Everyone should be able to use the web freely, safely and without fear or discrimination. Web technologies must support the best in humanity and challenge the worst, to ensure that the web remains a public good that puts people first.
Safe and welcoming for everyone
#ForTheWeb that is_
Building a web that is empowering for all means ensuring that those already online — and those coming online for the first time — are able to use the web in a meaningful way.
sers must be able to meaningfully engage with the online space for the web to realise its true potential.^11 A web that is empowering is one where all voices can speak out and have a fair chance of being heard. To achieve this goal, we need everyone to be able to access and create relevant content in their own language, and make sure that control over access and content distribution does not sit in the hands of just a few powerful actors.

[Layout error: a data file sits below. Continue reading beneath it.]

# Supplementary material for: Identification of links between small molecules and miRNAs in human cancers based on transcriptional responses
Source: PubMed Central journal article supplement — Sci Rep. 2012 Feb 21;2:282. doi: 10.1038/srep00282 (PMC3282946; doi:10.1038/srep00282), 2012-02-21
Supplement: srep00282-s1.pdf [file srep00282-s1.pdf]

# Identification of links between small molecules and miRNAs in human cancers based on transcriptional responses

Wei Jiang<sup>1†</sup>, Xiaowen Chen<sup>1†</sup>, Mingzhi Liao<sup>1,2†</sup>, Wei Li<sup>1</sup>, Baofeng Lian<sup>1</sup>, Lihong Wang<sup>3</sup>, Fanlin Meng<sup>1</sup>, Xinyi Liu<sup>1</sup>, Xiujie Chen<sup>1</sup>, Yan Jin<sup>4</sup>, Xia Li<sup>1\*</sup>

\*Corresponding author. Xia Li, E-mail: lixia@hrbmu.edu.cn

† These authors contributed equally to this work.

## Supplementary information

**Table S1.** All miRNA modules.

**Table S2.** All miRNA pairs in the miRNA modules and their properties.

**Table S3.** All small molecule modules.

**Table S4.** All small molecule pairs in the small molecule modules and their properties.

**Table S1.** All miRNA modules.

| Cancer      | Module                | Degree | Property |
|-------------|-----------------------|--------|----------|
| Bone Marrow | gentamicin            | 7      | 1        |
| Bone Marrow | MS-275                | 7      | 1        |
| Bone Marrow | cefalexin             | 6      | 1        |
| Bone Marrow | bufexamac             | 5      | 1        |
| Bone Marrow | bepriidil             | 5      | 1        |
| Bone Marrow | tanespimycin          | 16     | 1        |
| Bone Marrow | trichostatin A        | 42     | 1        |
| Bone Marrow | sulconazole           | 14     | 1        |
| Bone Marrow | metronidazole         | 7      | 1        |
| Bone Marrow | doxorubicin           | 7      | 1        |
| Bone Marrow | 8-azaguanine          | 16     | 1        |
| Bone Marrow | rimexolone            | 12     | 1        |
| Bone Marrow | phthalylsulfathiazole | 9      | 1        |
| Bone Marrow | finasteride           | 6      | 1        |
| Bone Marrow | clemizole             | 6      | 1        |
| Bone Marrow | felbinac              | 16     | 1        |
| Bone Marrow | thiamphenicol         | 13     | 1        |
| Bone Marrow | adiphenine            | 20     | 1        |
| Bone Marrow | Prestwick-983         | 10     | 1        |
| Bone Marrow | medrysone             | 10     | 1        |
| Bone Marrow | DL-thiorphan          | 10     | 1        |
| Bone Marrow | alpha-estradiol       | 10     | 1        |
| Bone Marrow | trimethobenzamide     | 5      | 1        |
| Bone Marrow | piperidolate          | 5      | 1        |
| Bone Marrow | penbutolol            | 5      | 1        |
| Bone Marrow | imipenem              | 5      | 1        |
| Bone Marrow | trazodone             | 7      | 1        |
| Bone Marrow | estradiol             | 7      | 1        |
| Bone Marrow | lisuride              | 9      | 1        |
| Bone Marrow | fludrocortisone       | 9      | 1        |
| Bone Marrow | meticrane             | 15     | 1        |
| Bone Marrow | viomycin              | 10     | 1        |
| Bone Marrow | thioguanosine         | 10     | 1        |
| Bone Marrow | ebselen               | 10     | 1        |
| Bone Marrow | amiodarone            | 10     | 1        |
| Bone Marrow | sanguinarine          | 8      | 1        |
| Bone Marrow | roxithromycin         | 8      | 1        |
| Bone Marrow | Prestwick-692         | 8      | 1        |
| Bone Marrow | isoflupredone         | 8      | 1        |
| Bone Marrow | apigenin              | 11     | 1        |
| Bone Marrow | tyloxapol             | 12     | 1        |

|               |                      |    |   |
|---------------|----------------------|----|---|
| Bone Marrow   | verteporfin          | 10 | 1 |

Today, the web is disproportionately skewed toward English- speaking, Western populations. Over half (54%) of the top 10 million websites are in English, yet the majority (75%) of people around the globe do not speak English, or are not native English speakers. Though the past five years have seen an increase in the production and availability of non-English content, growth has been incredibly slow, and content in non-Indo-European languages (e.g., indigenous languages) remains incredibly rare.